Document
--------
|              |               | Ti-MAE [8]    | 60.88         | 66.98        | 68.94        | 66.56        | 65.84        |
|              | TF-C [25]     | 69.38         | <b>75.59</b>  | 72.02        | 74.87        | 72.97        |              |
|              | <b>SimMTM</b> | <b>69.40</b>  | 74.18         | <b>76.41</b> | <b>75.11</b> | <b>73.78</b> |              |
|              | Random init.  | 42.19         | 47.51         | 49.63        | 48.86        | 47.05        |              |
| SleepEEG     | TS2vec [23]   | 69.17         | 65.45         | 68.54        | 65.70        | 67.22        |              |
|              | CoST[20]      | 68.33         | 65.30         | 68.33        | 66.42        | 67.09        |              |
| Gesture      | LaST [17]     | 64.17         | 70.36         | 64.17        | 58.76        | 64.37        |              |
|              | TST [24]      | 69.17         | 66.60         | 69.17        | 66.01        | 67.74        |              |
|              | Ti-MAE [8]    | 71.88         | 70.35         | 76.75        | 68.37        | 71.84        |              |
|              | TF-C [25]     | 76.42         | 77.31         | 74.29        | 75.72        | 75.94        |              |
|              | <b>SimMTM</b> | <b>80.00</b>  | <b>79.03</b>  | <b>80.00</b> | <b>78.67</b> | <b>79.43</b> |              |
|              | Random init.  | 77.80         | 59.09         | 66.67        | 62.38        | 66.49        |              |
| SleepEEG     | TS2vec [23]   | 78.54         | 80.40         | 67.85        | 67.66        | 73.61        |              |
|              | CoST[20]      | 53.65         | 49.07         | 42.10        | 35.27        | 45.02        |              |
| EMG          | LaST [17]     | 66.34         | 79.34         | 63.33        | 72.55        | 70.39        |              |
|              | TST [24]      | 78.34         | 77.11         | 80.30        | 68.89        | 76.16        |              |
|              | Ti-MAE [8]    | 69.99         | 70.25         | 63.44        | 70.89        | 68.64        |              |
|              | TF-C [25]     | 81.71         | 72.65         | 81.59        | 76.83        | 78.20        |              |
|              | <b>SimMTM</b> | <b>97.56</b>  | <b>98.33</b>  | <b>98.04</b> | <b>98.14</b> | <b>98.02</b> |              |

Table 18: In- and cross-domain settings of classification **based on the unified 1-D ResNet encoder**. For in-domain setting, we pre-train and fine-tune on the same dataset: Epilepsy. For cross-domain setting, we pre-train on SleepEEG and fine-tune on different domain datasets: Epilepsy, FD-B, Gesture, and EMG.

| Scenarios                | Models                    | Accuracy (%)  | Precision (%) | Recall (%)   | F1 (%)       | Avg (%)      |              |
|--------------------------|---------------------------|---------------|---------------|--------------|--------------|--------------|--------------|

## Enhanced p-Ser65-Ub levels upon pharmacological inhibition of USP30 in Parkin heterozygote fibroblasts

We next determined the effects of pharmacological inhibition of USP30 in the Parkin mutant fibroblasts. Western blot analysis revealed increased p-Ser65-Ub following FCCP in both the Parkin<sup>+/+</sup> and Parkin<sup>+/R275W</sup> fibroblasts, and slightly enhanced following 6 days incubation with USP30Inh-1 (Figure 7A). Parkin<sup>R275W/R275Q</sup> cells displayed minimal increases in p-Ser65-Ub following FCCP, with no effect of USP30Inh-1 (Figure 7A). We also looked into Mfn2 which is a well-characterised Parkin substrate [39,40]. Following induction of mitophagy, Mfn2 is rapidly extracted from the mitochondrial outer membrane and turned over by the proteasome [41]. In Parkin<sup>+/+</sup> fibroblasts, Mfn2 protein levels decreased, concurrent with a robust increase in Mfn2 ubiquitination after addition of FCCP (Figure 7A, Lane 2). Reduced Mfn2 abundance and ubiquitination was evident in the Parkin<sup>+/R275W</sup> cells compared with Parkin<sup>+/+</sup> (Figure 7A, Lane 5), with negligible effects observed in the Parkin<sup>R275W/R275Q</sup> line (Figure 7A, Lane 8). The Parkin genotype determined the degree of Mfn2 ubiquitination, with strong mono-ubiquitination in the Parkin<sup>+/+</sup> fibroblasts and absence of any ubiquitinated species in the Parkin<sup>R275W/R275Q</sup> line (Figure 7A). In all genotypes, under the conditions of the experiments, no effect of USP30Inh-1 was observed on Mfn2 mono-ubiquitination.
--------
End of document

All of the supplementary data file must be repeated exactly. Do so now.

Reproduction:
|              |               | Ti-MAE [8]    | 60.88         | 66.98        | 68.94        | 66.56        | 65.84        |
|              | TF-C [25]     | 69.38         | <b>75.59</b>  | 72.02        | 74.87        | 72.97        |              |
|              | <b>SimMTM</b> | <b>69.40</b>  | 74.18         | <b>76.41</b> | <b>75.11</b> | <b>73.78</b> |              |
|              | Random init.  | 42.19         | 47.51         | 49.63        | 48.86        | 47.05        |              |
| SleepEEG     | TS2vec [23]   | 69.17         | 65.45         | 68.54        | 65.70        | 67.22        |              |
|              | CoST[20]      | 68.33         | 65.30         | 68.33        | 66.42        | 67.09        |              |
| Gesture      | LaST [17]     | 64.17         | 70.36         | 64.17        | 58.76        | 64.37        |              |
|              | TST [24]      | 69.17         | 66.60         | 69.17        | 66.01        | 67.74        |              |
|              | Ti-MAE [8]    | 71.88         | 70.35         | 76.75        | 68.37        | 71.84        |              |
|              | TF-C [25]     | 76.42         | 77.31         | 74.29        | 75.72        | 75.94        |              |
|              | <b>SimMTM</b> | <b>80.00</b>  | <b>79.03</b>  | <b>80.00</b> | <b>78.67</b> | <b>79.43</b> |              |
|              | Random init.  | 77.80         | 59.09         | 66.67        | 62.38        | 66.49        |              |
| SleepEEG     | TS2vec [23]   | 78.54         | 80.40         | 67.85        | 67.66        | 73.61        |              |
|              | CoST[20]      | 53.65         | 49.07         | 42.10        | 35.27        | 45.02        |              |
| EMG          | LaST [17]     | 66.34         | 79.34         | 63.33        | 72.55        | 70.39        |              |
|              | TST [24]      | 78.34         | 77.11         | 80.30        | 68.89        | 76.16        |              |
|              | Ti-MAE [8]    | 69.99         | 70.25         | 63.44        | 70.89        | 68.64        |              |
|              | TF-C [25]     | 81.71         | 72.65         | 81.59        | 76.83        | 78.20        |              |
|              | <b>SimMTM</b> | <b>97.56</b>  | <b>98.33</b>  | <b>98.04</b> | <b>98.14</b> | <b>98.02</b> |              |

Table 18: In- and cross-domain settings of classification **based on the unified 1-D ResNet encoder**. For in-domain setting, we pre-train and fine-tune on the same dataset: Epilepsy. For cross-domain setting, we pre-train on SleepEEG and fine-tune on different domain datasets: Epilepsy, FD-B, Gesture, and EMG.

| Scenarios                | Models                    | Accuracy (%)  | Precision (%) | Recall (%)   | F1 (%)       | Avg (%)      |              |
|--------------------------|---------------------------|---------------|---------------|--------------|--------------|--------------|--------------|

## Enhanced p-Ser65-Ub levels upon pharmacological inhibition of USP30 in Parkin heterozygote fibroblasts

We next determined the effects of pharmacological inhibition of USP30 in the Parkin mutant fibroblasts. Western blot analysis revealed increased p-Ser65-Ub following FCCP in both the Parkin<sup>+/+</sup> and Parkin<sup>+/R275W</sup> fibroblasts, and slightly enhanced following 6 days incubation with USP30Inh-1 (Figure 7A). Parkin<sup>R275W/R275Q</sup> cells displayed minimal increases in p-Ser65-Ub following FCCP, with no effect of USP30Inh-1 (Figure 7A). We also looked into Mfn2 which is a well-characterised Parkin substrate [39,40]. Following induction of mitophagy, Mfn2 is rapidly extracted from the mitochondrial outer membrane and turned over by the proteasome [41]. In Parkin<sup>+/+</sup> fibroblasts, Mfn2 protein levels decreased, concurrent with a robust increase in Mfn2 ubiquitination after addition of FCCP (Figure 7A, Lane 2). Reduced Mfn2 abundance and ubiquitination was evident in the Parkin<sup>+/R275W</sup> cells compared with Parkin<sup>+/+</sup> (Figure 7A, Lane 5), with negligible effects observed in the Parkin<sup>R275W/R275Q</sup> line (Figure 7A, Lane 8). The Parkin genotype determined the degree of Mfn2 ubiquitination, with strong mono-ubiquitination in the Parkin<sup>+/+</sup> fibroblasts and absence of any ubiquitinated species in the Parkin<sup>R275W/R275Q</sup> line (Figure 7A). In all genotypes, under the conditions of the experiments, no effect of USP30Inh-1 was observed on Mfn2 mono-ubiquitination.